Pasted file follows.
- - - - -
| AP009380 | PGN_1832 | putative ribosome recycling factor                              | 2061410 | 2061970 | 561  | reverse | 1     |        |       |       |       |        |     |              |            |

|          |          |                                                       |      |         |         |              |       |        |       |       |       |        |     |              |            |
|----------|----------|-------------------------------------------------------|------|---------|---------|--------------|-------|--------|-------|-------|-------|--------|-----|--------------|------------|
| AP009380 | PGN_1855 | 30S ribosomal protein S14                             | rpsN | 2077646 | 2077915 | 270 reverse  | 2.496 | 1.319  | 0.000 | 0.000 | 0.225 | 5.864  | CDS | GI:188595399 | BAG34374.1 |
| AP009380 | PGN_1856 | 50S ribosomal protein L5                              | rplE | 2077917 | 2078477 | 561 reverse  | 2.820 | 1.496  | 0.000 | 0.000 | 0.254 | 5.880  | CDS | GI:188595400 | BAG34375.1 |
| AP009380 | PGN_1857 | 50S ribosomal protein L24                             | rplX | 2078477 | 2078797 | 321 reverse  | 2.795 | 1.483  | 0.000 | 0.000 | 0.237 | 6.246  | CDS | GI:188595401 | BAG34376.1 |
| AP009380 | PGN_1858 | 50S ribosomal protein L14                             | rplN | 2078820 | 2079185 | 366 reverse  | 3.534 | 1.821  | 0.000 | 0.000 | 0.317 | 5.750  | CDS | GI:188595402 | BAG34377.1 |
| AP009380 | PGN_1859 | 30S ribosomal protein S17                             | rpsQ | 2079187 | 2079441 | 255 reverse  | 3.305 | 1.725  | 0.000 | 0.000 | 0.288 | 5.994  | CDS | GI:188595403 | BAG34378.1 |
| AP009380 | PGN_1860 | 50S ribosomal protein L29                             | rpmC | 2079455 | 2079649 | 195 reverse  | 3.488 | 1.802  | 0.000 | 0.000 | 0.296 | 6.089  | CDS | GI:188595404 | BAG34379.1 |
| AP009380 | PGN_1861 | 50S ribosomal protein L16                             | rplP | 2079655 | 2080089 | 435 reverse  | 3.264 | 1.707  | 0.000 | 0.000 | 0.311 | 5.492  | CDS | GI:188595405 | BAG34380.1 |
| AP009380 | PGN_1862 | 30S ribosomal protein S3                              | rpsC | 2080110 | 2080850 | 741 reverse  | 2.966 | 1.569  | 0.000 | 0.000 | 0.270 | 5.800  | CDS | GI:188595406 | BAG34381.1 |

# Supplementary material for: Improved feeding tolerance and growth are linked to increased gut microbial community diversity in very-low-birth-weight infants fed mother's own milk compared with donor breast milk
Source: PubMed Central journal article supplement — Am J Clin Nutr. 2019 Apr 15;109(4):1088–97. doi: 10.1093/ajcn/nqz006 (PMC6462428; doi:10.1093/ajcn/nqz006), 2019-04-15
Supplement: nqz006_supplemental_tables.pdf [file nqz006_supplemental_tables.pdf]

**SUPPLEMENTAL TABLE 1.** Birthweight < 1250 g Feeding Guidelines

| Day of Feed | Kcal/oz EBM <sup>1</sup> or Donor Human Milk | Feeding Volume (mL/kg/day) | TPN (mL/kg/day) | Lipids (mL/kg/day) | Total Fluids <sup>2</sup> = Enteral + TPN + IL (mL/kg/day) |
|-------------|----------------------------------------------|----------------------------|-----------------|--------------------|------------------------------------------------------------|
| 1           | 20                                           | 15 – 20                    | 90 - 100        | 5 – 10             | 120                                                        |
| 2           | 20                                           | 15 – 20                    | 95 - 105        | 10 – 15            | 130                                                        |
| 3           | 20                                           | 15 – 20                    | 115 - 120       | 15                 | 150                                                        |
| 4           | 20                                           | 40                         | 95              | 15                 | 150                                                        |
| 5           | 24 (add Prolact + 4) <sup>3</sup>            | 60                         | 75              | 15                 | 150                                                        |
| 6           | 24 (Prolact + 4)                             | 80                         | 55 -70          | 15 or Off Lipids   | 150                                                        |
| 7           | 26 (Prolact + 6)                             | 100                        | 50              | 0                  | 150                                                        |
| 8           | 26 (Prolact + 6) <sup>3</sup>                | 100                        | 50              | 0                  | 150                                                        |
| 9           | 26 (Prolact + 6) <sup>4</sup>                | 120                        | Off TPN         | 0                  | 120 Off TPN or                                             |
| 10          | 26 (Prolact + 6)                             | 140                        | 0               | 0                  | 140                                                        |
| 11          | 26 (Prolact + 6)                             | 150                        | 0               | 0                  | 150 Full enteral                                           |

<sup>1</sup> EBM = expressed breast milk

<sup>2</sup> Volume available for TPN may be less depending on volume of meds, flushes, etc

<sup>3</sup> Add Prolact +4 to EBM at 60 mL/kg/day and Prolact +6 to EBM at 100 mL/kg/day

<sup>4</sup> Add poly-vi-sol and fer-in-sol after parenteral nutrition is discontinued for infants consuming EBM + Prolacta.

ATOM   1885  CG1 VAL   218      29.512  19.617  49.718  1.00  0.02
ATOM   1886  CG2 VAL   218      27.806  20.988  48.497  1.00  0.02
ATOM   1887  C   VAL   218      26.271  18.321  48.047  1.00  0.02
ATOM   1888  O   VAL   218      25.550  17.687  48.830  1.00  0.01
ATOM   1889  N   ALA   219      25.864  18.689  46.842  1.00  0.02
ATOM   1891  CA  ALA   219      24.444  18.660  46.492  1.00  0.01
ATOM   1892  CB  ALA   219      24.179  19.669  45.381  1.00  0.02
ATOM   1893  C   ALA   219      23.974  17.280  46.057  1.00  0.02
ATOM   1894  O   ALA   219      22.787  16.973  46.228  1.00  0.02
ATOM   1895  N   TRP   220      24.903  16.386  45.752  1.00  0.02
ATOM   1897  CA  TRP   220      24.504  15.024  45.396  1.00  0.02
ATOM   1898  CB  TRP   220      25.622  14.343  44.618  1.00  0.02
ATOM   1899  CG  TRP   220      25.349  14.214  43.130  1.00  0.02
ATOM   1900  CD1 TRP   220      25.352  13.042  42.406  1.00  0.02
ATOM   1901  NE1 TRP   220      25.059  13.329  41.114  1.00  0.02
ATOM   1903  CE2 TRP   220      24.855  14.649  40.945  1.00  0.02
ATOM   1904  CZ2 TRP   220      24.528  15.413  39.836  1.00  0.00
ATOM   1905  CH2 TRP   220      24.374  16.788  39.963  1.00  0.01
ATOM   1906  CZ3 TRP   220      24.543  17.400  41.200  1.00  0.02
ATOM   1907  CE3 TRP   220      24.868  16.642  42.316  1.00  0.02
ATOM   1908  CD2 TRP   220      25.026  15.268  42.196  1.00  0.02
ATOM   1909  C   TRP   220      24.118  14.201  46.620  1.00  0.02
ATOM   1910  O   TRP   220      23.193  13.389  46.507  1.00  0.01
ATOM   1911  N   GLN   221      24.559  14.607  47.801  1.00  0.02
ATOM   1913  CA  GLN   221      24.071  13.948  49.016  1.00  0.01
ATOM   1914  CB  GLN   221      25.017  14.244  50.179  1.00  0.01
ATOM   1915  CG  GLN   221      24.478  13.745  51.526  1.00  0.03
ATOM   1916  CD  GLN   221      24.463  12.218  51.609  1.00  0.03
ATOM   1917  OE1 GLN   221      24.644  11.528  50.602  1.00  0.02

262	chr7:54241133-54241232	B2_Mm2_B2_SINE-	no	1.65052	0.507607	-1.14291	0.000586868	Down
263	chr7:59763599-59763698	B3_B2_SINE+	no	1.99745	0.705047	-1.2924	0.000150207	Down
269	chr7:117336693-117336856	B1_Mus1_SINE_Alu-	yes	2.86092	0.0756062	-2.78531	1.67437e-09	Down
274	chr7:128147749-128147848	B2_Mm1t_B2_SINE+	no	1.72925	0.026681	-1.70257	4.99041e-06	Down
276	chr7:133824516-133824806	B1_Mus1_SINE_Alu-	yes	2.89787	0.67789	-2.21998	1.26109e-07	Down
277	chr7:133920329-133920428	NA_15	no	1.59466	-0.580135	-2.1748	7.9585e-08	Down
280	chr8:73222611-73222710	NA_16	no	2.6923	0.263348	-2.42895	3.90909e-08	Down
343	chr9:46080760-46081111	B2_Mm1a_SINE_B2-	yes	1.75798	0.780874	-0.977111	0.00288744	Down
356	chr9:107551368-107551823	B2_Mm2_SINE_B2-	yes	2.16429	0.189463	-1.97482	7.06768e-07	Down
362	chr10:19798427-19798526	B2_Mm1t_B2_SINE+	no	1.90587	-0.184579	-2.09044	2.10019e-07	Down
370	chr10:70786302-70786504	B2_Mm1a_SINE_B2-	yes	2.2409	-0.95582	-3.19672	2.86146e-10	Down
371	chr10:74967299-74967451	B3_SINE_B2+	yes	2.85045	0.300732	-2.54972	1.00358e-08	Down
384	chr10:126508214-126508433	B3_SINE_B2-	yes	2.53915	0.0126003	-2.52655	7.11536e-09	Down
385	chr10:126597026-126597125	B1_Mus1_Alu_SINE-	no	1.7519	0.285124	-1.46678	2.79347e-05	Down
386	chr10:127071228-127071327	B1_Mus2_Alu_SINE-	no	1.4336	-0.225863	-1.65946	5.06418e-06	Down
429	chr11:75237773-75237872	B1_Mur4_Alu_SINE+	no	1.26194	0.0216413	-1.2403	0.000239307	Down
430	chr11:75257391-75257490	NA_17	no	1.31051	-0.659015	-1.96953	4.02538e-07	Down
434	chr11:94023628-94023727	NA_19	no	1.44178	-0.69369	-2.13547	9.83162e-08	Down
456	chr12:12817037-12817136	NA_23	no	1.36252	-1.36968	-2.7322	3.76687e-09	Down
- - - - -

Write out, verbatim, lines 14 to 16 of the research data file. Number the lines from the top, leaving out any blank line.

Supplement: nqz006_supplemental_tables.pdf [file nqz006_supplemental_tables.pdf]

**SUPPLEMENTAL TABLE 1.** Birthweight < 1250 g Feeding Guidelines

| Day of Feed | Kcal/oz EBM <sup>1</sup> or Donor Human Milk | Feeding Volume (mL/kg/day) | TPN (mL/kg/day) | Lipids (mL/kg/day) | Total Fluids <sup>2</sup> = Enteral + TPN + IL (mL/kg/day) |